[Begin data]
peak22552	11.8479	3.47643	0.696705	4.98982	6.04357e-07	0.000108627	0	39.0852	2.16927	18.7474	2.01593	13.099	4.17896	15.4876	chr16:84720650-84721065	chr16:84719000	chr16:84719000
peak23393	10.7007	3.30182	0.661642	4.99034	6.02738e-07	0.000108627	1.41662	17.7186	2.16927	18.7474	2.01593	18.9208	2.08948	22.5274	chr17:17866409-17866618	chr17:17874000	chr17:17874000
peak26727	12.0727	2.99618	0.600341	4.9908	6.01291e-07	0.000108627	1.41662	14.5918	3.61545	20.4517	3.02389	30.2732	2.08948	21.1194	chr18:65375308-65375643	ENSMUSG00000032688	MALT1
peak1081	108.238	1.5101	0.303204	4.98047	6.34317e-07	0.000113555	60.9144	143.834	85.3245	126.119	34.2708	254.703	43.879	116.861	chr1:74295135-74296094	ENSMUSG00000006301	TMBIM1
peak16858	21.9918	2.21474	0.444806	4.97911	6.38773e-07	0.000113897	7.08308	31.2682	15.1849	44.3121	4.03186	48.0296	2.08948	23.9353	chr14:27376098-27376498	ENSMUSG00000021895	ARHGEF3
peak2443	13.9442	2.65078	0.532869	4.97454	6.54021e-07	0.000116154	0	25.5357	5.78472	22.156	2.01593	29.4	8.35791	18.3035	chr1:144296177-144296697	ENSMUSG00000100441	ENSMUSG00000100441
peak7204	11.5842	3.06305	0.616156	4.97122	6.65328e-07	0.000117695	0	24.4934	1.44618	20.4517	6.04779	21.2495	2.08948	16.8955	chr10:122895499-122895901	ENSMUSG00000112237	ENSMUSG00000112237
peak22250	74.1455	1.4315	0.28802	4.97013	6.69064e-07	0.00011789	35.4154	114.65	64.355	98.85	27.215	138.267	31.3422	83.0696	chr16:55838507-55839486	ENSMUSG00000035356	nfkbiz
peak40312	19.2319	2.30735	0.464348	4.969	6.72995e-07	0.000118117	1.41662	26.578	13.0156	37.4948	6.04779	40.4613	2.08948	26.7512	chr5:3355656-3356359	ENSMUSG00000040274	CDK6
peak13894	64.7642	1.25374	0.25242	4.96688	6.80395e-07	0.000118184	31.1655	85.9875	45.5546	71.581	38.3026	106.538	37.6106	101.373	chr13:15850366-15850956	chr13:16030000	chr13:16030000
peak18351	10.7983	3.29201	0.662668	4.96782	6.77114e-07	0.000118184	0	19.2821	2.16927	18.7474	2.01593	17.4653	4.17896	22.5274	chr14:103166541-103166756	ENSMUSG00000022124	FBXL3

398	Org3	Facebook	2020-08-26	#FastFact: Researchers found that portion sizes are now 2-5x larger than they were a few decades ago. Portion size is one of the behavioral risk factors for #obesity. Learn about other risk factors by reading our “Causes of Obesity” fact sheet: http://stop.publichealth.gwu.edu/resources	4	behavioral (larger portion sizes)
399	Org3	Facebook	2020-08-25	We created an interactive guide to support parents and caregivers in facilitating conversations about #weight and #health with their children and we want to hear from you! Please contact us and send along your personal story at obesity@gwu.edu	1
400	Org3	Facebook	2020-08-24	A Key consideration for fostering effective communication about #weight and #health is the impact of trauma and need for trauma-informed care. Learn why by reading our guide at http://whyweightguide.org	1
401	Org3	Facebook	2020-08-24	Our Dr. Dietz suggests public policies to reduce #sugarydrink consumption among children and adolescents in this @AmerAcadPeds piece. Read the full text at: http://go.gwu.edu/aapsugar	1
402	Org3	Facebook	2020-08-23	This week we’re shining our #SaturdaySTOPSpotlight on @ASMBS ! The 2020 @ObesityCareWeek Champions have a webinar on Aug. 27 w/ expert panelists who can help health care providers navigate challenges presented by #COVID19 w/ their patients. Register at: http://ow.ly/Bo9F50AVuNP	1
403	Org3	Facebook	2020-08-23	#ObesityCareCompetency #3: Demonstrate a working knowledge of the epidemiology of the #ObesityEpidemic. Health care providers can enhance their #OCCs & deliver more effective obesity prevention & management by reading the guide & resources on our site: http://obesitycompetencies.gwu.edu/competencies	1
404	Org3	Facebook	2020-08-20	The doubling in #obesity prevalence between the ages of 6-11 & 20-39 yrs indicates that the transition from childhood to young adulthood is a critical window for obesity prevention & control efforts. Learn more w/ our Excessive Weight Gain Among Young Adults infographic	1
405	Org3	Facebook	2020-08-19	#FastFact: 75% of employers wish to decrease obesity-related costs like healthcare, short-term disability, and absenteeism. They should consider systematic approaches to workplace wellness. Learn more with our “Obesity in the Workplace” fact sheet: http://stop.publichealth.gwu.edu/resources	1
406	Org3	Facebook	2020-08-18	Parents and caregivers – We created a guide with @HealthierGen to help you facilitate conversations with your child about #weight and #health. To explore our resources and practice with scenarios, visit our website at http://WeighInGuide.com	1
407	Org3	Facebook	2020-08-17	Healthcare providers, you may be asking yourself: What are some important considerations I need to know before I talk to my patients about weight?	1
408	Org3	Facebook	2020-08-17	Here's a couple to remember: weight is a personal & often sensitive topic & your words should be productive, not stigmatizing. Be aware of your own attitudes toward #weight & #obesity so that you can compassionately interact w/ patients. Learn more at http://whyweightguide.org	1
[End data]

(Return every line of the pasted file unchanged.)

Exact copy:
peak22552	11.8479	3.47643	0.696705	4.98982	6.04357e-07	0.000108627	0	39.0852	2.16927	18.7474	2.01593	13.099	4.17896	15.4876	chr16:84720650-84721065	chr16:84719000	chr16:84719000
peak23393	10.7007	3.30182	0.661642	4.99034	6.02738e-07	0.000108627	1.41662	17.7186	2.16927	18.7474	2.01593	18.9208	2.08948	22.5274	chr17:17866409-17866618	chr17:17874000	chr17:17874000
peak26727	12.0727	2.99618	0.600341	4.9908	6.01291e-07	0.000108627	1.41662	14.5918	3.61545	20.4517	3.02389	30.2732	2.08948	21.1194	chr18:65375308-65375643	ENSMUSG00000032688	MALT1
peak1081	108.238	1.5101	0.303204	4.98047	6.34317e-07	0.000113555	60.9144	143.834	85.3245	126.119	34.2708	254.703	43.879	116.861	chr1:74295135-74296094	ENSMUSG00000006301	TMBIM1
peak16858	21.9918	2.21474	0.444806	4.97911	6.38773e-07	0.000113897	7.08308	31.2682	15.1849	44.3121	4.03186	48.0296	2.08948	23.9353	chr14:27376098-27376498	ENSMUSG00000021895	ARHGEF3
peak2443	13.9442	2.65078	0.532869	4.97454	6.54021e-07	0.000116154	0	25.5357	5.78472	22.156	2.01593	29.4	8.35791	18.3035	chr1:144296177-144296697	ENSMUSG00000100441	ENSMUSG00000100441
peak7204	11.5842	3.06305	0.616156	4.97122	6.65328e-07	0.000117695	0	24.4934	1.44618	20.4517	6.04779	21.2495	2.08948	16.8955	chr10:122895499-122895901	ENSMUSG00000112237	ENSMUSG00000112237
peak22250	74.1455	1.4315	0.28802	4.97013	6.69064e-07	0.00011789	35.4154	114.65	64.355	98.85	27.215	138.267	31.3422	83.0696	chr16:55838507-55839486	ENSMUSG00000035356	nfkbiz
peak40312	19.2319	2.30735	0.464348	4.969	6.72995e-07	0.000118117	1.41662	26.578	13.0156	37.4948	6.04779	40.4613	2.08948	26.7512	chr5:3355656-3356359	ENSMUSG00000040274	CDK6
peak13894	64.7642	1.25374	0.25242	4.96688	6.80395e-07	0.000118184	31.1655	85.9875	45.5546	71.581	38.3026	106.538	37.6106	101.373	chr13:15850366-15850956	chr13:16030000	chr13:16030000
peak18351	10.7983	3.29201	0.662668	4.96782	6.77114e-07	0.000118184	0	19.2821	2.16927	18.7474	2.01593	17.4653	4.17896	22.5274	chr14:103166541-103166756	ENSMUSG00000022124	FBXL3

398	Org3	Facebook	2020-08-26	#FastFact: Researchers found that portion sizes are now 2-5x larger than they were a few decades ago. Portion size is one of the behavioral risk factors for #obesity. Learn about other risk factors by reading our “Causes of Obesity” fact sheet: http://stop.publichealth.gwu.edu/resources	4	behavioral (larger portion sizes)
399	Org3	Facebook	2020-08-25	We created an interactive guide to support parents and caregivers in facilitating conversations about #weight and #health with their children and we want to hear from you! Please contact us and send along your personal story at obesity@gwu.edu	1
400	Org3	Facebook	2020-08-24	A Key consideration for fostering effective communication about #weight and #health is the impact of trauma and need for trauma-informed care. Learn why by reading our guide at http://whyweightguide.org	1
401	Org3	Facebook	2020-08-24	Our Dr. Dietz suggests public policies to reduce #sugarydrink consumption among children and adolescents in this @AmerAcadPeds piece. Read the full text at: http://go.gwu.edu/aapsugar	1
402	Org3	Facebook	2020-08-23	This week we’re shining our #SaturdaySTOPSpotlight on @ASMBS ! The 2020 @ObesityCareWeek Champions have a webinar on Aug. 27 w/ expert panelists who can help health care providers navigate challenges presented by #COVID19 w/ their patients. Register at: http://ow.ly/Bo9F50AVuNP	1
403	Org3	Facebook	2020-08-23	#ObesityCareCompetency #3: Demonstrate a working knowledge of the epidemiology of the #ObesityEpidemic. Health care providers can enhance their #OCCs & deliver more effective obesity prevention & management by reading the guide & resources on our site: http://obesitycompetencies.gwu.edu/competencies	1
404	Org3	Facebook	2020-08-20	The doubling in #obesity prevalence between the ages of 6-11 & 20-39 yrs indicates that the transition from childhood to young adulthood is a critical window for obesity prevention & control efforts. Learn more w/ our Excessive Weight Gain Among Young Adults infographic	1
405	Org3	Facebook	2020-08-19	#FastFact: 75% of employers wish to decrease obesity-related costs like healthcare, short-term disability, and absenteeism. They should consider systematic approaches to workplace wellness. Learn more with our “Obesity in the Workplace” fact sheet: http://stop.publichealth.gwu.edu/resources	1
406	Org3	Facebook	2020-08-18	Parents and caregivers – We created a guide with @HealthierGen to help you facilitate conversations with your child about #weight and #health. To explore our resources and practice with scenarios, visit our website at http://WeighInGuide.com	1
407	Org3	Facebook	2020-08-17	Healthcare providers, you may be asking yourself: What are some important considerations I need to know before I talk to my patients about weight?	1
408	Org3	Facebook	2020-08-17	Here's a couple to remember: weight is a personal & often sensitive topic & your words should be productive, not stigmatizing. Be aware of your own attitudes toward #weight & #obesity so that you can compassionately interact w/ patients. Learn more at http://whyweightguide.org	1